Accepting the current state of the jurisprudence, that an injured workers’ patrimony is not diminished to obtain workers’ compensation benefits, the question then becomes, who should gain the benefit of workers’ compensation payments, the injured worker or the person who hurt him?

In Royer v. State, Department of Transp. & Dev., 16 534 (La. App. 3 Cir. 1/11/17), 210 So.3d 910, 922, writ denied, 17 0288 (La. 4/24/17), 221 So.3d 69, the Third Circuit answered this question and concluded that our client, the injured worker, should receive the benefit of his workers’ compensation payments. In Royer, our client suffered a traumatic brain injury in a car crash caused by the negligence of the DOTD. Because he was working at the time of his injury, some of our client’s medical bills were paid by his employer’s workers’ compensation insurer. The DOTD argued that it was entitled to receive a credit in the amount of all medical bills paid by the workers’ compensation insurer, including any amounts written off by the health care providers. The Third Circuit rejected this argument and held that our client was entitled to recover all of his medical expenses in full from the DOTD, including those amounts paid or written off due to workers’ compensation coverage.


The Third Circuit’s holding in Royer is consistent with the Louisiana Supreme Court’s holding in Cutsinger v. Redfern, 08 2607 (La. 5/22/09), 12 So.3d 945, 951–53. In Cutsinger, the Supreme Court explained that the primary policy underlying the collateral source rule is tort deterrence. In other words, the courts should not give a windfall to the wrongdoer because our civil justice system is intended to deter people from making the negligent decisions that cause injuries in the first place. In light of this fundamental goal, the Court in Cutsinger indicated that, while it is important to consider whether the plaintiff paid for the collateral source or suffered some diminution in his patrimony due to the availability of the benefit, this consideration alone is not the determinative factor. Instead, as the Third Circuit found in Royer, “the overriding policy of tort deterrence outweighs the concern of double recovery.” Royer, 210 So. 3d at 922.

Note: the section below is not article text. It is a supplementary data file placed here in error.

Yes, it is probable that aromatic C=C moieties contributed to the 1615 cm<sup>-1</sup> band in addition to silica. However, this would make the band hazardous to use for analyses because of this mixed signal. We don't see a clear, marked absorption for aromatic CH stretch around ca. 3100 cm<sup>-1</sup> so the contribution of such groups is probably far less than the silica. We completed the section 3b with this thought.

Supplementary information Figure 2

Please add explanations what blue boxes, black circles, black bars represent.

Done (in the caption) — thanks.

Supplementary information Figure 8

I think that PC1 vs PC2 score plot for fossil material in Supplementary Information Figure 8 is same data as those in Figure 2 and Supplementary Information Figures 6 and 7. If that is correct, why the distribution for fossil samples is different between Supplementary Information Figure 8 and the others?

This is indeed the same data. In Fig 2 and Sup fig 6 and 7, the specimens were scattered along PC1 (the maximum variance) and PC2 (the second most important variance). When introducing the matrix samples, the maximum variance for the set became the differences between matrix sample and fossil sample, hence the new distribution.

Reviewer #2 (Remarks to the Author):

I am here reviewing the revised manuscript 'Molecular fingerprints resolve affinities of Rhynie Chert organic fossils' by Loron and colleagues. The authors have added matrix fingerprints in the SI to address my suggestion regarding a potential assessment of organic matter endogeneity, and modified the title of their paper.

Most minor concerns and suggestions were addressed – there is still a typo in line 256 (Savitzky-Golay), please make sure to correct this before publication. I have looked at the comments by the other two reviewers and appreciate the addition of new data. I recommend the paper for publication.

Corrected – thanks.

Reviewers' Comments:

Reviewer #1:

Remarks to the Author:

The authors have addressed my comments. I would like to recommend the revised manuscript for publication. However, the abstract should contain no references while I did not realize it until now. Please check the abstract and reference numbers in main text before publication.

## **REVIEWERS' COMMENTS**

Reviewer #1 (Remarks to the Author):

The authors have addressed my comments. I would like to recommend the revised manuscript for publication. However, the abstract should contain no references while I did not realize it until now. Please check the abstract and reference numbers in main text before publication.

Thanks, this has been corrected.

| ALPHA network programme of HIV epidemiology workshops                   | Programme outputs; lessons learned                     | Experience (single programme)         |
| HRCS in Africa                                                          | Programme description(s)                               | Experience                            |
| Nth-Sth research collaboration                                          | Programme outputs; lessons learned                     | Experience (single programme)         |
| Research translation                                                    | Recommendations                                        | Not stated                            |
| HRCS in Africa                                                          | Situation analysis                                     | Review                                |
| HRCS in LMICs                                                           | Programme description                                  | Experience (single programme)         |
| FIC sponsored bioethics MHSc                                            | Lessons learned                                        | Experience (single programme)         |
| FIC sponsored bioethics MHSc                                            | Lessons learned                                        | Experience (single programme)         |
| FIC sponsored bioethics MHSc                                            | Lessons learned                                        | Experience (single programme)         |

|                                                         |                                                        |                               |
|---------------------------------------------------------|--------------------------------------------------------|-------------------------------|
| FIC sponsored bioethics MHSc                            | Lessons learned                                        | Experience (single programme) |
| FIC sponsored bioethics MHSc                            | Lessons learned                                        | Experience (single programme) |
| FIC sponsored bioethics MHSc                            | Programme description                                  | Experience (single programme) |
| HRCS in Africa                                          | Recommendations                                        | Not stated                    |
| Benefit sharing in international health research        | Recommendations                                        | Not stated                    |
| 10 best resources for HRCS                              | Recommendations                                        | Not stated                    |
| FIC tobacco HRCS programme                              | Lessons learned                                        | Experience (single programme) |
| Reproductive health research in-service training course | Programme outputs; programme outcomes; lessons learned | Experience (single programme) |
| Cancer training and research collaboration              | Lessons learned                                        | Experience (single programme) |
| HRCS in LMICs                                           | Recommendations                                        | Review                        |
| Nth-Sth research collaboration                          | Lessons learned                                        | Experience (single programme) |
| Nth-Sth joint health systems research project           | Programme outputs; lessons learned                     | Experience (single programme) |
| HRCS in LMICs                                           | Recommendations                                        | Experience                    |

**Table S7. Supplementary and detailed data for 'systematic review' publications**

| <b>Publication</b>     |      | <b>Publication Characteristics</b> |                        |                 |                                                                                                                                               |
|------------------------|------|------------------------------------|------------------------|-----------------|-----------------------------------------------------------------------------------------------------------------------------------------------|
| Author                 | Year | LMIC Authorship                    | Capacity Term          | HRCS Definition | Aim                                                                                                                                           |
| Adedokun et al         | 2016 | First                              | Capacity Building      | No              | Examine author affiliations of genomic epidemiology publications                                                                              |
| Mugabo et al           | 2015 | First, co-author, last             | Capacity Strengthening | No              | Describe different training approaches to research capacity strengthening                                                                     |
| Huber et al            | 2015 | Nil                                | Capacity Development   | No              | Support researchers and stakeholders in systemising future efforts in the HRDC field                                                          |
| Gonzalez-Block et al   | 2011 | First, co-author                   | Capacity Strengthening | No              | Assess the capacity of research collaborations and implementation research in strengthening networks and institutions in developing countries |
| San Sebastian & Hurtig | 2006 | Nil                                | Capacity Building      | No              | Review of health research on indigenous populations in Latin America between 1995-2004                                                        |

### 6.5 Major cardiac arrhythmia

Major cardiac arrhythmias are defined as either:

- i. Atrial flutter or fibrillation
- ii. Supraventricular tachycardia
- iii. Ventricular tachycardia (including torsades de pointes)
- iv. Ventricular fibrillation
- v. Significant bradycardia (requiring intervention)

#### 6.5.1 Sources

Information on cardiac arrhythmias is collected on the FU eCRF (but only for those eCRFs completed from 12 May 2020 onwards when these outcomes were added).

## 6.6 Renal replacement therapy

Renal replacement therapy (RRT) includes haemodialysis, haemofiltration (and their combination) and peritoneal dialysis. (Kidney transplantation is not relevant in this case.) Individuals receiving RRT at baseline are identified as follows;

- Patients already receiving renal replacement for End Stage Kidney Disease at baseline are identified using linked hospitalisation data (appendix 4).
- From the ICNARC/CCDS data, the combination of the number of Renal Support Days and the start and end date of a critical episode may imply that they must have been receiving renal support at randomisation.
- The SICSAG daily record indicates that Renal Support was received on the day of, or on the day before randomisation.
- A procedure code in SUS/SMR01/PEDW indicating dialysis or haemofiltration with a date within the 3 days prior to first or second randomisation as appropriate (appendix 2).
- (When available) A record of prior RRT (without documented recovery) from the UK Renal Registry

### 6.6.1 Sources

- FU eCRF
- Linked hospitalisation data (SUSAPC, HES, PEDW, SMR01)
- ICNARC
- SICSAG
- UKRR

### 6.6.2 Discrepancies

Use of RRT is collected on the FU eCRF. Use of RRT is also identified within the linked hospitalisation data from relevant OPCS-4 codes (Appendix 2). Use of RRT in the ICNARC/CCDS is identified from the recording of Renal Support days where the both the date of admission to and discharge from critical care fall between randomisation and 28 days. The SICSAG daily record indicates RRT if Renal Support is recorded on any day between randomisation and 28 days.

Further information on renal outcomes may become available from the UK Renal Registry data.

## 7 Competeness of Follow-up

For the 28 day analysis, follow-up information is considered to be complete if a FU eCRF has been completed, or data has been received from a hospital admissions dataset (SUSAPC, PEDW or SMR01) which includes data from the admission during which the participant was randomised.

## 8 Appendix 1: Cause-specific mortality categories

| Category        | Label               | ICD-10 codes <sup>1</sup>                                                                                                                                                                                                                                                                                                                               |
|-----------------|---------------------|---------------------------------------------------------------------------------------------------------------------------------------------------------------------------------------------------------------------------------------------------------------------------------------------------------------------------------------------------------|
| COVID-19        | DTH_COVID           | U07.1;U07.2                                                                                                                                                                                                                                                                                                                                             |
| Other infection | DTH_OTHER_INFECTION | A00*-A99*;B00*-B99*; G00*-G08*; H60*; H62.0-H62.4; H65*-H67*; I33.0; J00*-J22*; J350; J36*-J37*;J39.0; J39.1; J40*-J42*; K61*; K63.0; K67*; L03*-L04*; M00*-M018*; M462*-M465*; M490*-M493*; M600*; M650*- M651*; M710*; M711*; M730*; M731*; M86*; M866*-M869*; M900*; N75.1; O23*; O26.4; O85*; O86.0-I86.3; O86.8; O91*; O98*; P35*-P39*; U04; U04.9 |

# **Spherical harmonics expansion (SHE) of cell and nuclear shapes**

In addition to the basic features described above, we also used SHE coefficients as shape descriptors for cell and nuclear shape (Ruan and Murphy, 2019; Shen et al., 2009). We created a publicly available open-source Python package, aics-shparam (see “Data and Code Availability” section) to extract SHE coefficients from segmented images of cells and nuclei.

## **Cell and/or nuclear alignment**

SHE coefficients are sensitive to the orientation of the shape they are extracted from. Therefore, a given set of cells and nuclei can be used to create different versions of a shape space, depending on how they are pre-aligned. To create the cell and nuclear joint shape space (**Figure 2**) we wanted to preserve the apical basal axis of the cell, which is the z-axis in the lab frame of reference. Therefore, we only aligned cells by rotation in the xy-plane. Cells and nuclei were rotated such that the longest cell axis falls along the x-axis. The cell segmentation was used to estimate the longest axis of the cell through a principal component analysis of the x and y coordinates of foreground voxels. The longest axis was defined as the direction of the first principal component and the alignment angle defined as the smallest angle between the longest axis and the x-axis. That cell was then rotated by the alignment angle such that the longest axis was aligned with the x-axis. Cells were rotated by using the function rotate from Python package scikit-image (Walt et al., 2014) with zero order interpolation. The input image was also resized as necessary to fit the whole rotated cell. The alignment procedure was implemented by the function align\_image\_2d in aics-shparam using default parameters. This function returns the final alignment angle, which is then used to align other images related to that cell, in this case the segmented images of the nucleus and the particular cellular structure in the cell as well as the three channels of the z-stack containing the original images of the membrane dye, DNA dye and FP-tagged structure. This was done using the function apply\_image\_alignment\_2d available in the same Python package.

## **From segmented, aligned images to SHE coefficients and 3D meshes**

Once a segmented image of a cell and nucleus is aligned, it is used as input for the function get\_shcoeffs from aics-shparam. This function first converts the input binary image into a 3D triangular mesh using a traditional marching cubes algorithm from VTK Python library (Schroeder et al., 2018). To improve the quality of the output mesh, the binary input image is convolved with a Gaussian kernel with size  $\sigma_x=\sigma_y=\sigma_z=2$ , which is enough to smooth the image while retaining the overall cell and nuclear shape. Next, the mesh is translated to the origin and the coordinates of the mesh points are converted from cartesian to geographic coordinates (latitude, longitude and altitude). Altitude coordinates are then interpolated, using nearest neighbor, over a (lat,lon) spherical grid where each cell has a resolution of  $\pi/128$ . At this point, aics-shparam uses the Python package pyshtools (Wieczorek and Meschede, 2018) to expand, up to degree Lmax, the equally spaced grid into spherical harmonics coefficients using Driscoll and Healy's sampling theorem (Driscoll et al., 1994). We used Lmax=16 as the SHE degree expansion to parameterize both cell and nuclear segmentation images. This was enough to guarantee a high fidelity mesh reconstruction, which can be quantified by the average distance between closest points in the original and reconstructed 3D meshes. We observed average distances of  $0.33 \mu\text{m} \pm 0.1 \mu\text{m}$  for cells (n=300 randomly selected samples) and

Since the Third Circuit issued this ruling in 2017, multiple appellate courts have relied upon the Royer opinion to uphold the rights of injured plaintiffs. The Second Circuit relied upon Royer in Patterson v. State Farm Mut. Auto. Ins. Co., 51,620 (La. App. 2 Cir. 11/15/17), 244 So. 3d 800, 805. More recently, the First Circuit followed Royer to “conclude, as did the Royer court, that it is the injured victim, and not the tortfeasor, who should benefit from the collateral source where it was obtained neither by the tortfeasor’s procuration nor by a diminution of the injured victim’s patrimony.” Howard v. Nat’l Union Fire Ins. Co. of Pittsburgh, Pa., 2017 1221 (La. App. 1 Cir. 2/16/18), 243 So. 3d 4, 10, writ denied, 2018 0435 (La. 5/11/18), 241 So. 3d 1017.

The Third Circuit’s ruling in Royer shows us that when we are in doubt about the proper interpretation of the law, our ultimate consideration should be the purpose of the civil justice system — to promote public safety by deterring wrongdoers and taking away incentives for negligent behavior.